EMS World

JUL 2018

EMS World Magazine is the most authoritative source in the world for clinical and educational material designed to improve the delivery of prehospital emergency medical care.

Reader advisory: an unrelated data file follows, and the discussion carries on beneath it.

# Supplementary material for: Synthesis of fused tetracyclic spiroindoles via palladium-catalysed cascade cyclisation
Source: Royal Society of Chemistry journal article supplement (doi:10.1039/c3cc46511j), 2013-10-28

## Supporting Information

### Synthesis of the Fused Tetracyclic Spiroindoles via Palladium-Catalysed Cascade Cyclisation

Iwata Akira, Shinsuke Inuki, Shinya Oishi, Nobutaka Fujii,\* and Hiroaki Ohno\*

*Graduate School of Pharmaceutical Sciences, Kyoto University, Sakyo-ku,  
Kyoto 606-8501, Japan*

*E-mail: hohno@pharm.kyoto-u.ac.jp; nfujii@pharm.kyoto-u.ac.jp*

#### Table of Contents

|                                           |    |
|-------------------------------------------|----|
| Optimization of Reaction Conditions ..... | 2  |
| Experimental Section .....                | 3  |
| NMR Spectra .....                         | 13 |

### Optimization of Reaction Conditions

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COVER REPORT: MCI & DISASTER RESPONSE 22 JULY 2018 | EMSWORLD.com FOR BIG TROUBLE IN THE BIG APPLE, CALL THE ESU The NYPD's Emergency Service Unit is prepared for just about anything By Valerie Amato Det. Andrew Bershad during training (Photo: Christopher McNerney) W hen a particularly challeng- ing emergency call comes in from New York City dispatch- ers—whether it's an individual threatening to jump off the George Wash- ington Bridge or a driver plowing a van through a crowd of innocent people on a bike path—it's the NYPD Emergency Ser- vice Unit (ESU) that gets called to respond. Running the gamut of psychiatric, terrorist, and tactical and rescue calls, members of the ESU must be prepared for just about anything. The ESU is a 400-member tactical and rescue team that consists of medically trained personnel, including EMTs (the mini- mum training requirement), paramedics, and one physician assistant. Team mem- bers endure eight months of rigorous train- ing designed to prepare them in multiple disciplines, primarily focusing on special weapons and tactics and technical rescue. Other areas include water rescue, mental health emergencies, suicidal jumpers, and hazardous-material incidents. "The role of ESU in the NYPD is one of the most unique and valuable assets in NYPD Special Operations," says Sgt. John J. Flynn, a paramedic and supervisor of the ESU's tactical paramedics. "ESU members are tasked with handling countless assign- ments—from the most trivial to the most complex, from hostage or barricade situa- tions to high-risk search warrants." The team also provides patrol support in a variety of day-to-day and extraordinary circumstances that require their additional resources. "ESU members take great pride in the assistance they provide to fellow law enforcement officers," Flynn says. The highly specialized training ESU mem- bers receive allows them to respond to other emergencies, such as animal control, high-angle rope rescues, WMD incidents, and building collapses. The unit also pro- vides quick-reaction assets and counteras- sault teams, both of which are staffed with ESU tactical medics.

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